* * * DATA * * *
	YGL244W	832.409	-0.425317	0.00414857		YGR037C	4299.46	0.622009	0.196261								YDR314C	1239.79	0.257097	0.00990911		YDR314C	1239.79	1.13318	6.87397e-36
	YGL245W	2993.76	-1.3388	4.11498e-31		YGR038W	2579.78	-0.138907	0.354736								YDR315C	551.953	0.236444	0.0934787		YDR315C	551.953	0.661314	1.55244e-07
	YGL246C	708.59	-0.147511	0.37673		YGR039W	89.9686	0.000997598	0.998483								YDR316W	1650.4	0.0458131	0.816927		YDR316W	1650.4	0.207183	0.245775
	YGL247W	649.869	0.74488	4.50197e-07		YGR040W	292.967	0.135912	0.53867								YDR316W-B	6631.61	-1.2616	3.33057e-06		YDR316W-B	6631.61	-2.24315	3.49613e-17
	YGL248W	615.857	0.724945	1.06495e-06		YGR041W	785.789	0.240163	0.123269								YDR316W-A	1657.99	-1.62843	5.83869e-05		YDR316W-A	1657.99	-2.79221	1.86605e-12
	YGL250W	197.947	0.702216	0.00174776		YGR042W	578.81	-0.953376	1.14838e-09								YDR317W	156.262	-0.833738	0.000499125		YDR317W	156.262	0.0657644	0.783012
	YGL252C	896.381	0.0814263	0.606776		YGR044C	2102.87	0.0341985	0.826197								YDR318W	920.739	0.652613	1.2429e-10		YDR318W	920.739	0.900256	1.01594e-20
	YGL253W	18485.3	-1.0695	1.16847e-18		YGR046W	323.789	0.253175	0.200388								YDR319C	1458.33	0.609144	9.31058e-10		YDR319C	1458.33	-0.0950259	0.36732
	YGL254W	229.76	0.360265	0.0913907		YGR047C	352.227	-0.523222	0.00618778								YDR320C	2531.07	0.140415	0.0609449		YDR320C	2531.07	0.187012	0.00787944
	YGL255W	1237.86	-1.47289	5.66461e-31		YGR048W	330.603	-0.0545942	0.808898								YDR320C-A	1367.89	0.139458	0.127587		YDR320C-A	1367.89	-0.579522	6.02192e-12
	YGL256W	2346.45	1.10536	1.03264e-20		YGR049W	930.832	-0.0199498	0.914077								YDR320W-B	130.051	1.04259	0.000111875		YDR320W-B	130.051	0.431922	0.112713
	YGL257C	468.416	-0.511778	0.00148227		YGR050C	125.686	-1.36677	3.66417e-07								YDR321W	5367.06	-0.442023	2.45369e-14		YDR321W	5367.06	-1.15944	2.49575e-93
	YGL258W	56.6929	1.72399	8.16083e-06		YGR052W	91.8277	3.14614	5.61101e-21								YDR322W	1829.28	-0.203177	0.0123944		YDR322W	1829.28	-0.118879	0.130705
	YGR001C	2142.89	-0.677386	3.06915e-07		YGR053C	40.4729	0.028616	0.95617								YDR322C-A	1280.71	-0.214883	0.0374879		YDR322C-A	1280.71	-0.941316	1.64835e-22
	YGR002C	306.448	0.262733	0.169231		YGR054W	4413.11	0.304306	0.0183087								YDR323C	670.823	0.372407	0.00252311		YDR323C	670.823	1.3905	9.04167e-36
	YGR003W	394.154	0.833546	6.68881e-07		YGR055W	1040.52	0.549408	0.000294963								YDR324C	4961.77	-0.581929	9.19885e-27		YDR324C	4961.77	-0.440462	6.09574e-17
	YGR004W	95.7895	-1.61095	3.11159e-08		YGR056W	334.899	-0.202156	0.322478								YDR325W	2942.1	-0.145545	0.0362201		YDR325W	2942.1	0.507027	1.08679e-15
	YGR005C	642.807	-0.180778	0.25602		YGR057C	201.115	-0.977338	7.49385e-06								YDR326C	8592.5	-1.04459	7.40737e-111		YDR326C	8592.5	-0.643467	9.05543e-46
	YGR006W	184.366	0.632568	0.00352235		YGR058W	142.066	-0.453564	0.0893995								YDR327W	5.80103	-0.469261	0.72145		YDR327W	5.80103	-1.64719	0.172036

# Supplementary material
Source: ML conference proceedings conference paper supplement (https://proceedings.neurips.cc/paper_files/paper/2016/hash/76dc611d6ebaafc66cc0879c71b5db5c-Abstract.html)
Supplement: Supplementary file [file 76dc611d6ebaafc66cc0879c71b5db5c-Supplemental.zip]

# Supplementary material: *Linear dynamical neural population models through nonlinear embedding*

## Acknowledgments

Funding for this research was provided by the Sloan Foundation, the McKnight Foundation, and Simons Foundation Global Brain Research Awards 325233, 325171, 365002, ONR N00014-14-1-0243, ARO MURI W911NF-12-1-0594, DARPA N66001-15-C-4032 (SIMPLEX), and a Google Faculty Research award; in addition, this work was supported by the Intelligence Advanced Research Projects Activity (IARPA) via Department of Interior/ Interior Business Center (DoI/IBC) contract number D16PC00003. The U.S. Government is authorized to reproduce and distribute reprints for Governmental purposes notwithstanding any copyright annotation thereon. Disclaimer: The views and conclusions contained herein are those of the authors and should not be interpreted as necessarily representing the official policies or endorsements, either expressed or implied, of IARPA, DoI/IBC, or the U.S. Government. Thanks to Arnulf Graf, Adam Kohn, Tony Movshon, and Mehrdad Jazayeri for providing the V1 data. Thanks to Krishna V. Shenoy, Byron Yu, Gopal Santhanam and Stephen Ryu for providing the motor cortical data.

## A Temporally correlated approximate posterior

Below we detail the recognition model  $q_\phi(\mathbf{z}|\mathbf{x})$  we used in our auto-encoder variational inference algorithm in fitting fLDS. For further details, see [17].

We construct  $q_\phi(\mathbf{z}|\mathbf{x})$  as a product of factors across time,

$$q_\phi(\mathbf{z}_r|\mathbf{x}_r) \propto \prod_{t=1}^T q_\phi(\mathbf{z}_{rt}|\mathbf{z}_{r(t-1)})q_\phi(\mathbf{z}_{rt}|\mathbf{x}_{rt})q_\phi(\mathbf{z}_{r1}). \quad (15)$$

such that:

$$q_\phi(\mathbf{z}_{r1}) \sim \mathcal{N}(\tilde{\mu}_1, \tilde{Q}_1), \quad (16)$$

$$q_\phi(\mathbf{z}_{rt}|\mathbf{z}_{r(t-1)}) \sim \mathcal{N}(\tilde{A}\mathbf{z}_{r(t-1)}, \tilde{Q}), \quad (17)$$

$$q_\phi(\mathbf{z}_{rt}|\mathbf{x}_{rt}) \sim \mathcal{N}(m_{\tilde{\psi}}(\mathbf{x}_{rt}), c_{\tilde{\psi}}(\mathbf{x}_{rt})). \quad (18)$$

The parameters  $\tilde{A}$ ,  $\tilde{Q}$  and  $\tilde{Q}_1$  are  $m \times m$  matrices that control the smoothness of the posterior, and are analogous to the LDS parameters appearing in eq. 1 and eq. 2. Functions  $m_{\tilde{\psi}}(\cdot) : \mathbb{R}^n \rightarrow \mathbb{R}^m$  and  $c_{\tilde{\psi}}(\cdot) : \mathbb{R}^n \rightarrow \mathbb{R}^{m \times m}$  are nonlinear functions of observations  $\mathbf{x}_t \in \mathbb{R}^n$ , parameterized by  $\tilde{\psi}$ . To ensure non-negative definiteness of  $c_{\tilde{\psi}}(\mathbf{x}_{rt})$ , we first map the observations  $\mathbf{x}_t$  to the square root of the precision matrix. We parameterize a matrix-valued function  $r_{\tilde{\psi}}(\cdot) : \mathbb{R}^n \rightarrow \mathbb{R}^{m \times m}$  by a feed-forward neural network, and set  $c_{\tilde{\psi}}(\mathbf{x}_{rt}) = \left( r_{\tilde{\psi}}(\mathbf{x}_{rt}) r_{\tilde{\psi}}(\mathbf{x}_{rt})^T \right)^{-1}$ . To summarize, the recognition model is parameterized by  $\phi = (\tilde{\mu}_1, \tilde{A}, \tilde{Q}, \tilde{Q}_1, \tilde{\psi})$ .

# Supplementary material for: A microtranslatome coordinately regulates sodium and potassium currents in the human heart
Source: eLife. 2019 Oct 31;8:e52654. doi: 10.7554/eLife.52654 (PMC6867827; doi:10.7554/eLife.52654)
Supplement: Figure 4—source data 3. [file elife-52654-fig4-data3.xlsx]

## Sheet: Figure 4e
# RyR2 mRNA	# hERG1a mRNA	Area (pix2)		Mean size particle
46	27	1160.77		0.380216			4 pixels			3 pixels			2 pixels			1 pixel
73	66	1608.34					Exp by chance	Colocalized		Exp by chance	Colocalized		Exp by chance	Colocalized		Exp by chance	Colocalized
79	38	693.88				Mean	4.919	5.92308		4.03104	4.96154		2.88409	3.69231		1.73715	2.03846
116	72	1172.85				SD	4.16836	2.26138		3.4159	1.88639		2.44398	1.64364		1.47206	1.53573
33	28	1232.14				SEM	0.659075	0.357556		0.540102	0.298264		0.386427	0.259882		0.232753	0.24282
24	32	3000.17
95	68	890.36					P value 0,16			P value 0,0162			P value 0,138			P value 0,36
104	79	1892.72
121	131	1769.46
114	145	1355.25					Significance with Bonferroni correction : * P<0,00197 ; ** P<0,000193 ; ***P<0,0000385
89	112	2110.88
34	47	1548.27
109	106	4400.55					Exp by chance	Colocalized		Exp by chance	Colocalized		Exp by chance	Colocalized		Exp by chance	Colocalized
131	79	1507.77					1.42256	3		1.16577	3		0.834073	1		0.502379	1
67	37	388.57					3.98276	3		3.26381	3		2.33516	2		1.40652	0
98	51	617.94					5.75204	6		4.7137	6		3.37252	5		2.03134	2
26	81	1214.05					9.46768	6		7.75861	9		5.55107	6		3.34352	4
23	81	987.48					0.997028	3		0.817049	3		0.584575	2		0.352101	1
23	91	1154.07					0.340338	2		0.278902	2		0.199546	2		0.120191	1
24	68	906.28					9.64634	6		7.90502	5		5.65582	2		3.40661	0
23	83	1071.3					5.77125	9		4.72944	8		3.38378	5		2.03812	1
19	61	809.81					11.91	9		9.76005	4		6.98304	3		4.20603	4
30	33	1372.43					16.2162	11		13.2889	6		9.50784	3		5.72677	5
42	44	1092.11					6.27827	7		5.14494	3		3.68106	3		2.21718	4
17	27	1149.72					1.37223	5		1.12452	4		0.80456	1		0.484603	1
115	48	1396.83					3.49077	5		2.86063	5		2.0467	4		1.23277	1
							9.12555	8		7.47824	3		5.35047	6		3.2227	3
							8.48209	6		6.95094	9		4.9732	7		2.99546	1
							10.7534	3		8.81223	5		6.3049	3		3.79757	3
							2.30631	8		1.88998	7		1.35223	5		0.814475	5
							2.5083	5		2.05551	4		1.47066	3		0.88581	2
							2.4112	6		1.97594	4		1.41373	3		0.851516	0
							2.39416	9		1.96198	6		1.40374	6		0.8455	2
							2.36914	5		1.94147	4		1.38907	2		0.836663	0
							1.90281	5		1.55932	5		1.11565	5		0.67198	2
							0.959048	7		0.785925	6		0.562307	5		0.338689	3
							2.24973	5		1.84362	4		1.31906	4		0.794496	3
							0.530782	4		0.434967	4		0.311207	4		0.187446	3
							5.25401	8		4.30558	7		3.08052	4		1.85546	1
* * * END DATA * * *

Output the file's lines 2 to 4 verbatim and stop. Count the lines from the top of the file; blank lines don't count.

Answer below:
	YGL245W	2993.76	-1.3388	4.11498e-31		YGR038W	2579.78	-0.138907	0.354736								YDR315C	551.953	0.236444	0.0934787		YDR315C	551.953	0.661314	1.55244e-07
	YGL246C	708.59	-0.147511	0.37673		YGR039W	89.9686	0.000997598	0.998483								YDR316W	1650.4	0.0458131	0.816927		YDR316W	1650.4	0.207183	0.245775
	YGL247W	649.869	0.74488	4.50197e-07		YGR040W	292.967	0.135912	0.53867								YDR316W-B	6631.61	-1.2616	3.33057e-06		YDR316W-B	6631.61	-2.24315	3.49613e-17